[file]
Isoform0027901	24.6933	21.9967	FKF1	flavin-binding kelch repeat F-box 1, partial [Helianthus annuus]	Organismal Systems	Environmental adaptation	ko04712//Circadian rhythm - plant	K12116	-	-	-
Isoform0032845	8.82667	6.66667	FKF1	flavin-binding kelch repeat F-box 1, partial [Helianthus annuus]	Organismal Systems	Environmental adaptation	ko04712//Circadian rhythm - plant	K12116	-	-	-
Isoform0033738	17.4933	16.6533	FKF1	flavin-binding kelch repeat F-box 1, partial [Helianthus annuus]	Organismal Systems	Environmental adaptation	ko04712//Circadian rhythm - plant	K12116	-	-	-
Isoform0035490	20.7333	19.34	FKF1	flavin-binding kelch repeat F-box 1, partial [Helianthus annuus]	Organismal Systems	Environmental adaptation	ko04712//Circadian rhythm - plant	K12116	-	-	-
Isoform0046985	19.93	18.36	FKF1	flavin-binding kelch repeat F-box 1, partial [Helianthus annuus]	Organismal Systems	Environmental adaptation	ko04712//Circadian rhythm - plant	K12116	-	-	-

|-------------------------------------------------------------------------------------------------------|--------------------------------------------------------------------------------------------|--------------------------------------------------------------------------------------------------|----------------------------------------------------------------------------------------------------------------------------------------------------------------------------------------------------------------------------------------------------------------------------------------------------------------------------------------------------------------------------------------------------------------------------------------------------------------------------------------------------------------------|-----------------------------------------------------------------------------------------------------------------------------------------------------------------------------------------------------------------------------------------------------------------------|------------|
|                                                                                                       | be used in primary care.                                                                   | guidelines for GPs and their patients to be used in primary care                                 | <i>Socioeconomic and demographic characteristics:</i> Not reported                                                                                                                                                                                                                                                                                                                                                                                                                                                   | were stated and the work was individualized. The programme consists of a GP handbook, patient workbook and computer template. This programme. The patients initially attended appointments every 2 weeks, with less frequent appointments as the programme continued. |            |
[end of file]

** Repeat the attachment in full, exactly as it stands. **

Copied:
Isoform0027901	24.6933	21.9967	FKF1	flavin-binding kelch repeat F-box 1, partial [Helianthus annuus]	Organismal Systems	Environmental adaptation	ko04712//Circadian rhythm - plant	K12116	-	-	-
Isoform0032845	8.82667	6.66667	FKF1	flavin-binding kelch repeat F-box 1, partial [Helianthus annuus]	Organismal Systems	Environmental adaptation	ko04712//Circadian rhythm - plant	K12116	-	-	-
Isoform0033738	17.4933	16.6533	FKF1	flavin-binding kelch repeat F-box 1, partial [Helianthus annuus]	Organismal Systems	Environmental adaptation	ko04712//Circadian rhythm - plant	K12116	-	-	-
Isoform0035490	20.7333	19.34	FKF1	flavin-binding kelch repeat F-box 1, partial [Helianthus annuus]	Organismal Systems	Environmental adaptation	ko04712//Circadian rhythm - plant	K12116	-	-	-
Isoform0046985	19.93	18.36	FKF1	flavin-binding kelch repeat F-box 1, partial [Helianthus annuus]	Organismal Systems	Environmental adaptation	ko04712//Circadian rhythm - plant	K12116	-	-	-

|-------------------------------------------------------------------------------------------------------|--------------------------------------------------------------------------------------------|--------------------------------------------------------------------------------------------------|----------------------------------------------------------------------------------------------------------------------------------------------------------------------------------------------------------------------------------------------------------------------------------------------------------------------------------------------------------------------------------------------------------------------------------------------------------------------------------------------------------------------|-----------------------------------------------------------------------------------------------------------------------------------------------------------------------------------------------------------------------------------------------------------------------|------------|
|                                                                                                       | be used in primary care.                                                                   | guidelines for GPs and their patients to be used in primary care                                 | <i>Socioeconomic and demographic characteristics:</i> Not reported                                                                                                                                                                                                                                                                                                                                                                                                                                                   | were stated and the work was individualized. The programme consists of a GP handbook, patient workbook and computer template. This programme. The patients initially attended appointments every 2 weeks, with less frequent appointments as the programme continued. |            |